Labridae: Wrasses

Labrids are small to large, colourful, carnivorous fishes that are extremely varied in body shape and habitats.

Eastern Blue Groper at Fly Point

David & Leanne Atkinson © David & Leanne Atkinson

They live primarily on reefs, but some species are strongly associated with vegetation or open sand bottoms. Sex reversal is the norm, and most species have two or three sex-related colour or body forms. Labrids are the second-most speciose Australian fish family. In Australian waters, 175 species of labrids in 44 genera are known (Gomon, 1994; Randall et al., 1997; Hoese et al., in press) of which about 80 species in 31 genera are temperate. Most species swim primarily using the pectoral fins (labriform swimming), and specialised dentition is a characteristic of the family. All Australian labrids, so far as is known, spawn small (0.6-1.1 mm diameter) pelagic eggs. Development is direct. The only apparent specialisations to larval life are the preopercular spines of one tropical taxon, the elongate or early-forming dorsal-fin elements of a very few taxa, and the narrow eyes and choroid tissue of some others.

Meristic characters of labrid genera of temperate Australia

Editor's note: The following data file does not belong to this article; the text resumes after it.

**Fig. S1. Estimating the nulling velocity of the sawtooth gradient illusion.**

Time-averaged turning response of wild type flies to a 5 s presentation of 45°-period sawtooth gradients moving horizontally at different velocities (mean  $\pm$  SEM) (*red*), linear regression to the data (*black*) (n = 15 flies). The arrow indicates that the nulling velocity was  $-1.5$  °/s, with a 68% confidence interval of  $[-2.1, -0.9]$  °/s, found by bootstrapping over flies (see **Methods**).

Dorsal Anal Pectoral Pelvic Caudal Vertebrae
CHEILININI
Cheilinus IX-X,8-11 III,8-9 12 I,5 7+6 9+14=23
Cirrhilabrus XI-XII,8-10 III,8-10 14-16 I,5 13 9+16=25
Oxycheilinus IX,10 III,8 12 I,5 7+6 9+14=23
Pteragogus IX-XI,9-12 III,8-10 12-15 I,5 7+7 9+16=25
HYPSIGENYINI
Achoerodus XI, 10-11 III, 10-11 16-18 I, 5 7+7 28
Bodianus XII,9-11 III,11-13 15-18 I,5 (7-8)+7 11+17=28
Choerodon XII-XIII,7-8 III,9-10 15-19 I,5 7+7 (10-11)+(16-17)=27
JULIDINI
Anampses IX,11-13 III,10-13 13-14 I,5 7+7 9+16=25
Austrolabrus IX, 11 III, 10 13 I, 5 7+7 9+16=25
Cheilio IX,12-13 III,11-12 12 I,5 7+7 9+16=25
Coris IX,12 III,12 13-15 I,5 (7-8)+7 (9-10)+(15-16)=25
Dotalabrus IX, 11 III, 10 12 I,5 14  
Eupetrichthys IX, 12 III, 10 13 I, 5 7+7 9+10=25
Halichoeres IX-X,11-14 III,10-13 12-15 I,5 7+7 (9-10)+(15-16)=25
Hemigymnus IX,11 III,11 14 I,5 13 10+15=25
Hologymnosus IX,12 III,12 13 I,5 14 9+16=25
Leptojulis IX,11-12 III,10-12 12-13 I,5 14 9+ 16=25
Macropharyngodon IX,11-12 III,11-13 12-13 I,5 7+7 9+16=25
Notolabrus IX,11 III, 10 14 I, 5 14 9+16=25
Ophthalmolepis IX, 12-13 III, 13 13 I, 5 14 26
Pictilabrus IX, 11 III, 10 13 I, 5 14 9+16=25
Pseudocoris IX,12 III,12-13 15 I,5 - -
Pseudolabrus IX,10-11 III,10-11 12-14 I,5 8+7 9+16=25
Pseudojuloides IX,11-12 III,11-12 12-13 I,5 14 (9-10)+(15-16)=25
Stethojulis IX,10-12 III,10-12 12-15 I,5 7+7 10-15=25
Suezichthys IX,11 III,10 13-14 I,5 (7-8)+7 9+16=25
Thalassoma VIII,12-14 III,10-12 14-17 I,5 7+7 (9-10)+(15-16)=25
LABRICHTHYINI
Labroides IX,10-12 III,9-11 13 I,5 14 10+15=25
NOVACULINI
Cymolutes VIII-X,12-15 III,11-13 11-13 I,5 14 9+17=26
Novaculichthys IX,12-14 III,12-14 12-13 I,5 14 9+16=25
Xyrichthys IX,12 III,12-14 12-13 I,5 7+7 9+16=25

Note: under caudal rays, a format of X+X indicates principal rays, whereas a single number indicates branched rays plus 2.

Main characters of labrid larvae

  • 23-28 myomeres
  • Body laterally compressed with a deep caudal peduncle